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Highlights of a shiur by Rav Daniel Dombroff
A plane on the tarmac is a flight risk.
El Al Flight 002 was scheduled to depart JFK for Tel Aviv on Thursday, November 15 at 6:30 pm. Long story short: It didn’t.
As delays on the tarmac mounted, pushing the projected arrival time ever closer to Shabbos, shomer Shabbos passengers asked that the plane be returned to the gate so they could disembark and remain in New York.
The captain announced that he would do just that. And as the air-traffic control audio recordings make clear, he received permission from the tower to do so, more than five hours after his scheduled departure. But to the shock and consternation of the frum passengers, he then proceeded—without explanation—to take to the skies.
What happened next is not the subject of this article. Its subject is the Halachic issues that would have arisen had the plane not in the end been diverted to Athens, and it had landed on Shabbos. (Which is exactly what the other ill-fated JFK-to-Tel Aviv El Al flight that night actually did, but that’s another story.)
Of course, one should avoid traveling close enough to Shabbos to risk this outcome. Should oness bring it about, chalila, here is a general guide to some of the issues one might face.
If you become aware that your flight will land on Shabbos, there are some things to do before Shabbos begins.
You will probably be carrying money and a mobile phone. These should be moved from shirt pockets to pants pockets. This is because typically, a shirt pocket is a flat fabric panel stitched to the shirt, requiring the shirt itself to perform half the pocket duties, but a pants pocket is a full standalone pouch that is attached to the garment (See Shulchan Aruch O.C. 310:7, Rama). As a result, walking with money in a trouser pocket is not tiltul muktzeh and, according to some, doesn’t require shaking out (Mishna Berura ibid. 30). However, the pocket does become a bosis for muktzeh, with the implication that one may not move the pocket with his hand on Shabbos.
At the appropriate time, turn on your overhead lamp l’sheim mitzva. Because the lights on modem aircraft do not utilize incandescent bulbs, no bracha is recited.
You may take your carry-on luggage from the plane (see O.C. 310:8), because the non-muktzeh items it holds will generally be of greater value than the muktzeh, and the muktzeh things cannot be shaken out. Even if the latter are more valuable and the bag is therefore a bosis, see Shulchan Aruch O.C. 266 about the specific latitudes afforded by this type of oness.
One may not travel beyond two thousand amos from the settlement in which he finds himself at the onset of Shabbos, where he is koneh shevisa. Even if techumin don’t exist above the level of ten tefachim from the ground (see Mishna Berura 404:7), you are koneh shevisa, it would seem, when the plane descends to an altitude of ten tefachim, moments before landing. The runway is an uninhabited area larger than a bais sasayim, so the techum count begins immediately at that point (O.C. 396:2).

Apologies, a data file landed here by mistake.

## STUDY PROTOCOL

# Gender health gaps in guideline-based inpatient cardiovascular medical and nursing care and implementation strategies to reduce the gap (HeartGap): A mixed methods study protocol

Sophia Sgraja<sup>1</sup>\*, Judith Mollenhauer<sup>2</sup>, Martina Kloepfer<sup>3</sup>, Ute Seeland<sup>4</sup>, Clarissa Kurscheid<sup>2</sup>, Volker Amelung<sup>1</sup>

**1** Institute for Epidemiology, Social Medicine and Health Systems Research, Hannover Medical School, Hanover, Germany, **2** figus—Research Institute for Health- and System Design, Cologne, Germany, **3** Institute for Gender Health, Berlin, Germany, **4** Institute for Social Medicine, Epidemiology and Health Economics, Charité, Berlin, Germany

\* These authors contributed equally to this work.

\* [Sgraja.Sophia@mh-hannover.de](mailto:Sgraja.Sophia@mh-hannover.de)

Your arrival gate will generally be more than 2,000 amos from that spot, so when you get there you’re already out of techum. This leaves you with only your dalet amos in which to maneuver for the balance of Shabbos. However, both the plane and the jetway are reshuyos hayachid and considered an extension of that dalet amos.
But what of the airport itself, beyond the jetway? Although enclosed, it is generally larger than a bais sasayim and so is considered a karfef rather than a reshus hayachid with regard to carrying—and so, it would seem, your dalet amos would not include the terminal—unless it was hukaf l’dira, enclosed for dwelling purposes like eating and sleeping (ibid. 358). There is room to argue that we reckon the airport as such on account of the restaurants on the concourse and the stranded passengers that routinely sleep in the terminal. This would permit walking and carrying.
If wine and bread are not available but mezonos items are, one should be kovaya s’uda on them and use them for kiddush. (See Pis’chei Teshuva 168 that a mere k’zayis may suffice.)
Bread isn’t valid for the daytime kiddush, but by then you will have made enough friends in the terminal to finagle a chamar medina like beer.
Most airport restrooms are now equipped with automatic-flush toilets. These devices utilize a sensor that detects the presence of a person. When that presence is no longer sensed, a solenoid valve is activated and the toilet flushes.
Depending on the type of sensor in use, a paper towel or tissue placed in front of it might prevent the flush. This should be done if possible, but one may still use the toilet if it isn’t, considering that the situation is one of p’sik raisha d’lo nicha lei on a d’Rabbanan, with kavod habrios at stake.
Whether under any circumstances one might be permitted to take the airport shuttle bus to a hotel is beyond the scope of this article.
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May we merit to be mekayeim fully the mitzvos of kavod and oneg on every Shabbos of our lives.